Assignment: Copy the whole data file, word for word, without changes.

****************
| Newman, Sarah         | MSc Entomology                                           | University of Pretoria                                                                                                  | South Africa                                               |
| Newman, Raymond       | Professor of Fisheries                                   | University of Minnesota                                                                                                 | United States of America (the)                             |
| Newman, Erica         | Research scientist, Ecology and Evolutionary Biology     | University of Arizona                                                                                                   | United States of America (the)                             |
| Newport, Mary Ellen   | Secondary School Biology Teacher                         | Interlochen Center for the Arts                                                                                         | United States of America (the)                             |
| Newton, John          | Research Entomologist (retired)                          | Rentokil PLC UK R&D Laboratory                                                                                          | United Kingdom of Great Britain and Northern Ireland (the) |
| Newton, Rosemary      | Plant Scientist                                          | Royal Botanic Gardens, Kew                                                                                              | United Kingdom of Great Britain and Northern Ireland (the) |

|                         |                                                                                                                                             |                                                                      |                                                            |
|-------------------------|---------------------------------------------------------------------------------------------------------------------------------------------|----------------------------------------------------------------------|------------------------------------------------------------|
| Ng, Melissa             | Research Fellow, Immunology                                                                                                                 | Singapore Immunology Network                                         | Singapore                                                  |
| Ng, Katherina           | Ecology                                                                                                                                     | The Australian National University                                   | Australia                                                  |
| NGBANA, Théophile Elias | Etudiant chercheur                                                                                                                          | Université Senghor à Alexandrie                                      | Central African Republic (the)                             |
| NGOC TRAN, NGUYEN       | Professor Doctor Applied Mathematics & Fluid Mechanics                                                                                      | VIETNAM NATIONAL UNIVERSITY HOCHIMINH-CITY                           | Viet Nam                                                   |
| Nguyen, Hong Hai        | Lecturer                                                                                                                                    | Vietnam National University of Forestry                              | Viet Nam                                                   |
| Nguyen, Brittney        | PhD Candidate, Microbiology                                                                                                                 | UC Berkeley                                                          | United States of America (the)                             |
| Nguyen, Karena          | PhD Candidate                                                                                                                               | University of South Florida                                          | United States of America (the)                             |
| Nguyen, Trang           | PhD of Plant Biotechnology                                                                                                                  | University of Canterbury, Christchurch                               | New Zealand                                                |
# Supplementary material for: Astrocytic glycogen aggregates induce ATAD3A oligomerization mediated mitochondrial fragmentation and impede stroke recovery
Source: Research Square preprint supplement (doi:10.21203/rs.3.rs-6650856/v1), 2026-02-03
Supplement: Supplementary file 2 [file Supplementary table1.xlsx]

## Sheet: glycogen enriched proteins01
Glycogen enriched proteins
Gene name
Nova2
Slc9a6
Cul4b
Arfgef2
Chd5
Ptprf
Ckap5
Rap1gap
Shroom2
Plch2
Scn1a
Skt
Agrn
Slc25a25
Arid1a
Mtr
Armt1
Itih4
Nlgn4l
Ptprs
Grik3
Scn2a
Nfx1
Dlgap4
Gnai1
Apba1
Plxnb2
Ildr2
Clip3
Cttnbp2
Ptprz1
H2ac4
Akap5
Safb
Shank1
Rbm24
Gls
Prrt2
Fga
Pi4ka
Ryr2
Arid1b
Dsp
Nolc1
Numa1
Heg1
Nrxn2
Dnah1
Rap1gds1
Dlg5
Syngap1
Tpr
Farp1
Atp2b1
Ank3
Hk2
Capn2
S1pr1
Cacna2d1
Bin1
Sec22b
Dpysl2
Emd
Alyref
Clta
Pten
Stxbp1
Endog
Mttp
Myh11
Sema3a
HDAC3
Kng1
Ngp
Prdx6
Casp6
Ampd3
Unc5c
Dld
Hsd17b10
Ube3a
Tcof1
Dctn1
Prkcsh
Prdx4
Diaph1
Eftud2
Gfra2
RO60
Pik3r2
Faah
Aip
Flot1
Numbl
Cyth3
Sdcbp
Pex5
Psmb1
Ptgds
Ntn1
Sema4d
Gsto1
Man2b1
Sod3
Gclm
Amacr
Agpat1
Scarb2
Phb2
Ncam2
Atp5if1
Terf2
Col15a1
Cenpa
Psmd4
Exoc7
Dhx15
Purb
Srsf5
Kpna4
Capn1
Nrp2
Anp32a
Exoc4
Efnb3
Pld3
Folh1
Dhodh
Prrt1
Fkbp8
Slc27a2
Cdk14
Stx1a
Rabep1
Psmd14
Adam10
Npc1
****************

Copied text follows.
| Newman, Sarah         | MSc Entomology                                           | University of Pretoria                                                                                                  | South Africa                                               |
| Newman, Raymond       | Professor of Fisheries                                   | University of Minnesota                                                                                                 | United States of America (the)                             |
| Newman, Erica         | Research scientist, Ecology and Evolutionary Biology     | University of Arizona                                                                                                   | United States of America (the)                             |
| Newport, Mary Ellen   | Secondary School Biology Teacher                         | Interlochen Center for the Arts                                                                                         | United States of America (the)                             |
| Newton, John          | Research Entomologist (retired)                          | Rentokil PLC UK R&D Laboratory                                                                                          | United Kingdom of Great Britain and Northern Ireland (the) |
| Newton, Rosemary      | Plant Scientist                                          | Royal Botanic Gardens, Kew                                                                                              | United Kingdom of Great Britain and Northern Ireland (the) |

|                         |                                                                                                                                             |                                                                      |                                                            |
|-------------------------|---------------------------------------------------------------------------------------------------------------------------------------------|----------------------------------------------------------------------|------------------------------------------------------------|
| Ng, Melissa             | Research Fellow, Immunology                                                                                                                 | Singapore Immunology Network                                         | Singapore                                                  |
| Ng, Katherina           | Ecology                                                                                                                                     | The Australian National University                                   | Australia                                                  |
| NGBANA, Théophile Elias | Etudiant chercheur                                                                                                                          | Université Senghor à Alexandrie                                      | Central African Republic (the)                             |
| NGOC TRAN, NGUYEN       | Professor Doctor Applied Mathematics & Fluid Mechanics                                                                                      | VIETNAM NATIONAL UNIVERSITY HOCHIMINH-CITY                           | Viet Nam                                                   |
| Nguyen, Hong Hai        | Lecturer                                                                                                                                    | Vietnam National University of Forestry                              | Viet Nam                                                   |
| Nguyen, Brittney        | PhD Candidate, Microbiology                                                                                                                 | UC Berkeley                                                          | United States of America (the)                             |
| Nguyen, Karena          | PhD Candidate                                                                                                                               | University of South Florida                                          | United States of America (the)                             |
| Nguyen, Trang           | PhD of Plant Biotechnology                                                                                                                  | University of Canterbury, Christchurch                               | New Zealand                                                |
# Supplementary material for: Astrocytic glycogen aggregates induce ATAD3A oligomerization mediated mitochondrial fragmentation and impede stroke recovery
Source: Research Square preprint supplement (doi:10.21203/rs.3.rs-6650856/v1), 2026-02-03
Supplement: Supplementary file 2 [file Supplementary table1.xlsx]

## Sheet: glycogen enriched proteins01
Glycogen enriched proteins
Gene name
Nova2
Slc9a6
Cul4b
Arfgef2
Chd5
Ptprf
Ckap5
Rap1gap
Shroom2
Plch2
Scn1a
Skt
Agrn
Slc25a25
Arid1a
Mtr
Armt1
Itih4
Nlgn4l
Ptprs
Grik3
Scn2a
Nfx1
Dlgap4
Gnai1
Apba1
Plxnb2
Ildr2
Clip3
Cttnbp2
Ptprz1
H2ac4
Akap5
Safb
Shank1
Rbm24
Gls
Prrt2
Fga
Pi4ka
Ryr2
Arid1b
Dsp
Nolc1
Numa1
Heg1
Nrxn2
Dnah1
Rap1gds1
Dlg5
Syngap1
Tpr
Farp1
Atp2b1
Ank3
Hk2
Capn2
S1pr1
Cacna2d1
Bin1
Sec22b
Dpysl2
Emd
Alyref
Clta
Pten
Stxbp1
Endog
Mttp
Myh11
Sema3a
HDAC3
Kng1
Ngp
Prdx6
Casp6
Ampd3
Unc5c
Dld
Hsd17b10
Ube3a
Tcof1
Dctn1
Prkcsh
Prdx4
Diaph1
Eftud2
Gfra2
RO60
Pik3r2
Faah
Aip
Flot1
Numbl
Cyth3
Sdcbp
Pex5
Psmb1
Ptgds
Ntn1
Sema4d
Gsto1
Man2b1
Sod3
Gclm
Amacr
Agpat1
Scarb2
Phb2
Ncam2
Atp5if1
Terf2
Col15a1
Cenpa
Psmd4
Exoc7
Dhx15
Purb
Srsf5
Kpna4
Capn1
Nrp2
Anp32a
Exoc4
Efnb3
Pld3
Folh1
Dhodh
Prrt1
Fkbp8
Slc27a2
Cdk14
Stx1a
Rabep1
Psmd14
Adam10
Npc1